He would then spend 15 days in the hospital’s COVID ward.
“The first day or so wasn’t really bad,” Russell said. “After that, things snowballed. The low point was being asked If I’d let them put me on a ventilator. That subject came up on three separate occasions. I knew that was the front-line treatment, but the thought of it scared me quite a bit.
“The first couple of nights there was no sleeping. The pneumonia was worsening and I was exhausted, but anytime I moved or coughed it caused my oxygen levels to drop, even though I was on what seemed to be a massive amount of oxygen and I knew what that meant. So the first few nights I had several conversations with God and put it in his hands and decided I wasn’t going easy. There really wasn’t any physical pain, just non-stop coughing. Mentally, I felt I had to stay in control and not let my mind get carried away. So I focused on my breathing and listening to my doctors, nurses and therapists.”
Contact with those doctors, nurses and therapists became his lifeline in more ways than one.
“The toughest part was not being able to go see him,” said Jeff Robinson, Chilhowie’s football and baseball coach. “Even his immediate family could not go see him while he was in the hospital for over a month. We did receive daily updates from his brother, Joey, about Willie’s progress. It was pretty touch-and-go with him for quite some time.”
The game-changer for Russell occurred a couple of weeks into his stay.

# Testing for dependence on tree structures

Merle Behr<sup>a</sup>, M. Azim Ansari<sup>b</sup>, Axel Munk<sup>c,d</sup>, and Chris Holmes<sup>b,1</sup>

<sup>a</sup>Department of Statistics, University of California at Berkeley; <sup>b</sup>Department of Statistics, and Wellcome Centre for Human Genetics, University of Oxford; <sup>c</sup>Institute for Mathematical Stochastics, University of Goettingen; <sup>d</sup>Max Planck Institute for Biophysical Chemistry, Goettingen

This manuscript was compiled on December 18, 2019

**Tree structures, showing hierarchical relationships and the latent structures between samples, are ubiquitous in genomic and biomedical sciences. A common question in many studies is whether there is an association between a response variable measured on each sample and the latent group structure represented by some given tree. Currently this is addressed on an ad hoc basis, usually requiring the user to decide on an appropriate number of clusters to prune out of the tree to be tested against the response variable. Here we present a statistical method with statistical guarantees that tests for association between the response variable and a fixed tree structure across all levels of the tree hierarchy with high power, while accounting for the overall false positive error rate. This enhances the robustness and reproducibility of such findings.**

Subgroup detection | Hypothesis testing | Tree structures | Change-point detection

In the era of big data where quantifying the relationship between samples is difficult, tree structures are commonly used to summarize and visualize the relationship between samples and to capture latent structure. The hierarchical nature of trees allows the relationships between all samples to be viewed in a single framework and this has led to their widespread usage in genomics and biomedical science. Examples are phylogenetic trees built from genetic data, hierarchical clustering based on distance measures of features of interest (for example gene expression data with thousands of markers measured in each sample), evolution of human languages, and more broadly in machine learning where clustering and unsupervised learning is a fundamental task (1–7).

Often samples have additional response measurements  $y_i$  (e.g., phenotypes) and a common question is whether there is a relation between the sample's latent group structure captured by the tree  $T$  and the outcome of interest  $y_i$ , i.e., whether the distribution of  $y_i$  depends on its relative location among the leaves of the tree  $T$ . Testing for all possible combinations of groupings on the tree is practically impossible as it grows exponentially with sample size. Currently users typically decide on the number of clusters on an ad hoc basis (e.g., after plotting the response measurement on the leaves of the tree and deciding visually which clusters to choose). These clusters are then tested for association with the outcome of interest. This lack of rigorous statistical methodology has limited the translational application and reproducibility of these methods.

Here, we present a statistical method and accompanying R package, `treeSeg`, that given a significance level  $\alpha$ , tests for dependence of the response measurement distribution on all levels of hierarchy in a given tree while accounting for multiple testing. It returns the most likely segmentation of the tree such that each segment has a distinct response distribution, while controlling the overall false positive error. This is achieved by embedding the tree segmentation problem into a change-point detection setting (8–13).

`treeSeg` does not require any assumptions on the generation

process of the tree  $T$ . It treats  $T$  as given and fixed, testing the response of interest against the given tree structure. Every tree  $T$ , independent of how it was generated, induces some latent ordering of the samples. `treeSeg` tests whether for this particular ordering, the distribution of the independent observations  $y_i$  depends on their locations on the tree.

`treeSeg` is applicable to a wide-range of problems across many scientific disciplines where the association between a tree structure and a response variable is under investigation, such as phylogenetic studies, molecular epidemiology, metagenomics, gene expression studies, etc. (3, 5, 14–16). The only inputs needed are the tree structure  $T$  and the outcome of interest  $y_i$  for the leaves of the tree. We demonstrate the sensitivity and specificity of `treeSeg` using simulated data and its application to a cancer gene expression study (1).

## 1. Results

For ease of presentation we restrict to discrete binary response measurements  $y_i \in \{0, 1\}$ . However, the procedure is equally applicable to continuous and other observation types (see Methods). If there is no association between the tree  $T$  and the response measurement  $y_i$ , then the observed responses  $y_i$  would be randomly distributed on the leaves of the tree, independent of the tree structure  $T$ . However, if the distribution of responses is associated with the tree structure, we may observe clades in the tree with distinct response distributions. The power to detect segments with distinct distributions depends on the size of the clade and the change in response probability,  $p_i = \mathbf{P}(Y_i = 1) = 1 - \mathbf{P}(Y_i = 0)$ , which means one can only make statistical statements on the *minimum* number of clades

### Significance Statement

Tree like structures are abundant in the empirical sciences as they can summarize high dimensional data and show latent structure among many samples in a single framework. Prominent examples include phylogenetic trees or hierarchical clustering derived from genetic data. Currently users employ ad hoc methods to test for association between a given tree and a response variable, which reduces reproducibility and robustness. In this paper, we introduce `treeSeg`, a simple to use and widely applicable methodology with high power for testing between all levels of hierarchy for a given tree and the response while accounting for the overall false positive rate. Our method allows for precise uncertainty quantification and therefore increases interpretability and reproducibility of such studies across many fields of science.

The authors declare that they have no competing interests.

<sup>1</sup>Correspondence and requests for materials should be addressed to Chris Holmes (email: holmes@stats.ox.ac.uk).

“Aside from the prayers that I wasn’t aware of that were coming from all over, I can’t say enough about the plasma therapy,” Russell said. “They came in one afternoon and said, ‘We’d like to try the plasma therapy on you. It may take a week though to get it.’ I said, ‘I’m in.’ Interestingly enough they came in a few hours later and started that therapy.
“I had a long way to go, but the next morning I could tell a difference.”
Russell improved vastly each day after that.
“Medication-wise that was the thing that turned the tables, I believe,” Russell said. “I have to give credit though to my physical and respiratory therapists. They played a huge role as well. The physical therapy people kicked me out of bed to get me moving again, which I think in turn made me breathe. The respiratory folks weren’t afraid to change course if something wasn’t working as well as hoped. It was reassuring to hear, ‘I’ve been reading and think we should try this.’”
Russell’s 29-year-old daughter, Jaimie, tested positive as well and missed work for three weeks.
“My wife, Kim, tested positive for the antibodies later,” Russell said. “So, she had either had a mild case or at minimum was exposed. I don’t know how she avoided developing it full blown, but she took care of everyone.”
Russell has since returned to his job as an X-Ray tech at Saltville Medical Center.
“It took every inch of three months before I returned to work,” Russell said. “I took another month before I felt like myself again. It’s a slow process.”
Russell is practicing social distancing and wearing a mask, making the most of every day as one of more than 127,000 folks in Virginia who have tested positive for COVID-19.
“It’s an understatement and obvious, but it’s serious,” Russell said. “I mistakenly once described it as the flu on steroids. It’s much more than that. It attacks all your systems, not just the lungs. … I’d just ask people to be careful and be considerate.”
A 1985 graduate of Chilhowie and former baseball and basketball player for the Warriors, Russell plans to be on the sidelines keeping up with the number of rushing and passing yards Chilhowie piles up on Feb. 22 when the Warriors open up a VHSL football season unlike any other.
“I’ll be there when the season starts – and before,” Russell said. “I have no restrictions and am stronger every day.”